William Kay: How one man may have found the answer to the loan sharks

A modest genius strode into the City the other day: a Muslim who, I am convinced, will change the way we help the poor. His name is Dr Muhammad Yunus, head of Grameen Bank in Bangladesh. He lends to beggars.

A modest genius strode into the City the other day: a Muslim who, I am convinced, will change the way we help the poor. His name is Dr Muhammad Yunus, head of Grameen Bank in Bangladesh. He lends to beggars.

Dr Yunus virtually invented micro-credit in its modern form. Grameen has 3.7 million borrowers, mainly women, who live in 45,000 of Bangladesh's 68,000 villages. The bank is currently lending them the equivalent of £280m, an average of only £75 each. But that is enough for someone to buy beads, trinkets, toys or food to sell, instead of begging.

Many use the loan to buy a mobile phone, which they rent to other villagers on a call-by-call basis. "Families were able to contact one another during this year's floods to make sure they were all right," Dr Yunus said. "That wasn't possible in the last big flood a few years ago."

Dr Yunus, a former economics professor at Chittagong University, had the insight to see that lending to the poor - shunned by orthodox lenders in all but the most exceptional circumstances - could be made to work and the money would be repaid. Grameen encourages its customers to keep a clean credit record by offering their children scholarships and by creating a star system for its 1,300 branches as they become more successful.

Dr Yunus said: "We have struggled to convince the world that what we are doing is not only a serious business in itself, but it also opens up endless possibilities for the poor by creating self-employment opportunities. It can be done anywhere in the world, and we have demonstrated umpteen times that not only are the poor creditworthy, in many countries they are more creditworthy than the rich." He launched the embryo of Grameen nearly 30 years ago, and a number of other Third World countries have spawned micro-finance institutions (MFIs).

Ockenden International, one of the three charities supported by The Independent's Christmas appeal last year, enables Cambodian villagers to buy a cow, paying in instalments. In Venezuela the Women's Development Bank (Banmujer) lends only to women who combine to develop a viable community project.

We are going to hear a lot more about this sort of finance, as the United Nations has designated 2005 its International Year of Micro-credit. The mainstream banks are going to come under pressure to explain why they do not undertake more or - in many cases - any micro-lending.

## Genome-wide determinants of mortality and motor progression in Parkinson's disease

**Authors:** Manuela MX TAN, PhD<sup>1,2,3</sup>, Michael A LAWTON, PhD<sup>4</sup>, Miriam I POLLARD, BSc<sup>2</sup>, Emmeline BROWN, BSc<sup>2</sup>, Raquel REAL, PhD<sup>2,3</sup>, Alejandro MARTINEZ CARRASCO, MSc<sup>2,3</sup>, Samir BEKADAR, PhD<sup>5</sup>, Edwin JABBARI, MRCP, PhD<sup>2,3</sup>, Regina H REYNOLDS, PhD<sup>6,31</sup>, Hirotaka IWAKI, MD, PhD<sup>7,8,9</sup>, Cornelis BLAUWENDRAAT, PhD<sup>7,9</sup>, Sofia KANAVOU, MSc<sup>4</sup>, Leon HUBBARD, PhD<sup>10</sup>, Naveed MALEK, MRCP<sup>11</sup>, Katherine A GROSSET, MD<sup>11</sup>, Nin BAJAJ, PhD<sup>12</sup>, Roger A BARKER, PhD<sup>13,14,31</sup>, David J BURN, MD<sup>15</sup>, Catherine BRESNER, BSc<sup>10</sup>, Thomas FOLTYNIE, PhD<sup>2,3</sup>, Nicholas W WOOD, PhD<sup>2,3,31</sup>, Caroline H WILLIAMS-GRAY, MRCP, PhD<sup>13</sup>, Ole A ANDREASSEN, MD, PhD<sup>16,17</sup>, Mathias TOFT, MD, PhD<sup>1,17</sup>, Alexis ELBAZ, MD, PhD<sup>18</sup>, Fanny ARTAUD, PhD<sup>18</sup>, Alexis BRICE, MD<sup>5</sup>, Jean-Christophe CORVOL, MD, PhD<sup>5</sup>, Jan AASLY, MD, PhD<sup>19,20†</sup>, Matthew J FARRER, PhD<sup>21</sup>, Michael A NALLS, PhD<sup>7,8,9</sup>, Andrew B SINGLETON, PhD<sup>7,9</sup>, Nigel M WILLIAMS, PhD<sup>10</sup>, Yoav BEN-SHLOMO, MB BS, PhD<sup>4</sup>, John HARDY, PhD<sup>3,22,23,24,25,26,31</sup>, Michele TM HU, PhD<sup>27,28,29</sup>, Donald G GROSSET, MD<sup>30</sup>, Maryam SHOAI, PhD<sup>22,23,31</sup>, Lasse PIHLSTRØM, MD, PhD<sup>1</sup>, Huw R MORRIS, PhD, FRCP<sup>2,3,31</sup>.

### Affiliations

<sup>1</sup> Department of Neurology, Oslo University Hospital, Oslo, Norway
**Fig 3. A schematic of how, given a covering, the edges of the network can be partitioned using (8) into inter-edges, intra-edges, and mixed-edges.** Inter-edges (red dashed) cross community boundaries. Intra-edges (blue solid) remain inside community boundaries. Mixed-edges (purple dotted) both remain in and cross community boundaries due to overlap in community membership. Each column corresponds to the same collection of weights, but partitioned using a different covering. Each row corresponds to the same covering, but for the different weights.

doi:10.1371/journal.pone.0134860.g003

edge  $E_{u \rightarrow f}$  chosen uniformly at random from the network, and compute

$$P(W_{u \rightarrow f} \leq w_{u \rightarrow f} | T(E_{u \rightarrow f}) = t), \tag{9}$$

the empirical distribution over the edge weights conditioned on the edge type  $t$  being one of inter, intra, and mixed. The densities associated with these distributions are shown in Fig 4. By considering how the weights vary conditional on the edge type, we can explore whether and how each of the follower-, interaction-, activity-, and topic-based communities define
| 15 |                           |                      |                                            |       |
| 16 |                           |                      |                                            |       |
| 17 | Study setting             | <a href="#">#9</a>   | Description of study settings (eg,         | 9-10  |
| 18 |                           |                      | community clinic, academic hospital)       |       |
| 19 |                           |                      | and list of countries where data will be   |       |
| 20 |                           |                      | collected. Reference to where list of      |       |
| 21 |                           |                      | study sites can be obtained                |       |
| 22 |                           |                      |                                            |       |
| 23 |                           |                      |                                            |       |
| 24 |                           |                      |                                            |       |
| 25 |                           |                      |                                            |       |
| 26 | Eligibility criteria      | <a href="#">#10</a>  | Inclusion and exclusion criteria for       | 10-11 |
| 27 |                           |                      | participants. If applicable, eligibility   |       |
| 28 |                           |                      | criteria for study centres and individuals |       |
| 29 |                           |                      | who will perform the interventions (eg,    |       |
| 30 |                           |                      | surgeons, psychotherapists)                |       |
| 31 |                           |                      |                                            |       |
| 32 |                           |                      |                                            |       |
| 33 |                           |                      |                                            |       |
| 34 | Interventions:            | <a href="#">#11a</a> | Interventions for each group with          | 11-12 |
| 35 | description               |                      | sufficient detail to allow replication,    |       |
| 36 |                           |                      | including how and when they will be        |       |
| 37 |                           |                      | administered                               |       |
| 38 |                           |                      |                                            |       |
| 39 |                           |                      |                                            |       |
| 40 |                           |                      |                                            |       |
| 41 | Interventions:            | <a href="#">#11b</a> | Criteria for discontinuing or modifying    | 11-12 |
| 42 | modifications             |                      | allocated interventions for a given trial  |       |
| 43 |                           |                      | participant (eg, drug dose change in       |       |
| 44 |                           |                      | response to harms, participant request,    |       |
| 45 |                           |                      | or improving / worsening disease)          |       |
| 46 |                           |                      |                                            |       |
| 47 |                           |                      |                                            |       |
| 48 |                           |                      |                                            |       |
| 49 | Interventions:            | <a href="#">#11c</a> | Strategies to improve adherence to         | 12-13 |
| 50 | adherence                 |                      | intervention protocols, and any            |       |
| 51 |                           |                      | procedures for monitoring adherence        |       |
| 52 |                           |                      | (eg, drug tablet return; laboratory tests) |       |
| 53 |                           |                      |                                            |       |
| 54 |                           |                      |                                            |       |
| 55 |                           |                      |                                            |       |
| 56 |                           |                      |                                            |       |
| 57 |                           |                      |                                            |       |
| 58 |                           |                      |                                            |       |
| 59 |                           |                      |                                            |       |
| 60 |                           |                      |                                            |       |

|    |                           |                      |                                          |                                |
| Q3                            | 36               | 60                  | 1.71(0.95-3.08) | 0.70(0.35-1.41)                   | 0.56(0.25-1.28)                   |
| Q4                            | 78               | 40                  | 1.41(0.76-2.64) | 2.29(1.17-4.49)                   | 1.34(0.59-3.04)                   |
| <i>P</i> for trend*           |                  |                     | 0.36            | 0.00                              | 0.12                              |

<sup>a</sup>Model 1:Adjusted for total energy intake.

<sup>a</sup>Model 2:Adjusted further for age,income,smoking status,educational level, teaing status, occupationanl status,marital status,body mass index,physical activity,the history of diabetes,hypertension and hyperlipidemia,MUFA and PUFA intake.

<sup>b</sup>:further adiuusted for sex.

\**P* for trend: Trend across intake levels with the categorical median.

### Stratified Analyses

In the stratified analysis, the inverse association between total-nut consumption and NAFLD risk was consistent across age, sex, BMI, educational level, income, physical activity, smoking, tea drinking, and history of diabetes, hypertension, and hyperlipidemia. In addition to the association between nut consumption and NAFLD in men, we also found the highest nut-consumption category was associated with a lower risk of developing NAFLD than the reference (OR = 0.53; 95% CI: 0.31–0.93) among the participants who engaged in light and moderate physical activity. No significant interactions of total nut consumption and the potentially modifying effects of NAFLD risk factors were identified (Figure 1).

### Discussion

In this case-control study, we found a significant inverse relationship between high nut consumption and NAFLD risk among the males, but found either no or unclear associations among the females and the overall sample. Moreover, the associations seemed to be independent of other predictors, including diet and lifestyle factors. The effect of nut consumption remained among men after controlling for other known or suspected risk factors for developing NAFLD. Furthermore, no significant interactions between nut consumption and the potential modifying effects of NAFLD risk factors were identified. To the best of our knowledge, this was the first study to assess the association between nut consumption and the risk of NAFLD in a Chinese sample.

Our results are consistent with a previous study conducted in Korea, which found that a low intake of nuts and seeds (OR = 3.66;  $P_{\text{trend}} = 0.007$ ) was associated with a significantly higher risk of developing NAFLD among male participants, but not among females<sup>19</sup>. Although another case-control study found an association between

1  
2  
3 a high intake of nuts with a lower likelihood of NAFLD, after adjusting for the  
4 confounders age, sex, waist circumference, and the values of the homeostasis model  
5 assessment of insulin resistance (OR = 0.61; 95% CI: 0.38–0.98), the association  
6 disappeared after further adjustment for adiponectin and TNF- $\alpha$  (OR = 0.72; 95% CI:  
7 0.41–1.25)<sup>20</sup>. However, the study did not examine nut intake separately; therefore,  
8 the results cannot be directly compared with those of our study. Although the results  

Grameen is profitable but Dr Yunus warns that, while the idea seems simple, lenders need to know what they are doing. He is more than willing to teach the secrets.

I do not suggest that micro-credit is going to eradicate poverty or even begging. But it will have done us all a service if it removes the common assumption that the poor must be punished with high interest rates because they are "sub-prime", in the awful jargon, and have to serve painful time building up a credit record before they can be welcomed into the privileged club of those who pay the going rate.

Even better, it may stop doorstep lenders from arguing that they have to charge 100 per cent interest rates because small loans are so labour-intensive to administer. Loan sharks are on the run in Cambodia. It is time they were drummed out of business in Britain.

* The contempt with which Stuart Rose seems to regard his 350,000 private shareholders in Marks & Spencer is breathtaking. This week they received documents about the company's offer to buy back shares worth up to £2.3bn, as promised at the time of Philip Green's abortive takeover bid. But when Mr Rose was fending off Mr Green, he was also promising that M&S was worth "significantly" more than 400p a share. Now he expects loyal followers to accept 332p to 380p. The PR spinners say that over 400p was a long-term aim. Cynics should take the new offer and get out. But I think Mr Green will return, and he may let investors share in the benefits of his shake-up.

Scrambled Government thinking on pensions

Breakfast with Mr B is always a pleasure, but this week he was on sparkling form. Mr B, better known as Steve Bee, pensions guru at Royal London Group, was holding court at London's Ritz Hotel.

Over the scrambled eggs and black pudding, he deftly tore the Government's pensions policy to shreds, condemning it as retrospective legislation that will leave over half the population dependent on state handouts.

Mr B wants the Government to set the state pension at £105 a week, up from the present £79, link it to the rise in average earnings and abolish means testing. Net cost: £4.8bn a year, to be paid for by putting 1.5 per cent on National Insurance.

He predicts that, once the new pensions law takes effect in 2006, we will all be taking out Self-Invested Personal Pensions (Sipps) and using them to buy villas in Spain. "Marrying a Sipp with a buy-to-let property will be a no-brainer," he says.

While putting their main home into a Sipp will be attractive to many, it will clash head-on with the Inland Revenue principle that we should not be able to pass on pension-fund assets in our wills. But Mr B reckons that principle will be scrapped.

There is a catch. He says: "Because the Government is prepared for the first time to make retrospective changes to pensions in the current Pensions Bill, who is to say it won't do that again? You can't rely on it, so how can people make long-term plans for their retirement?"

w.kay@independent.co.uk

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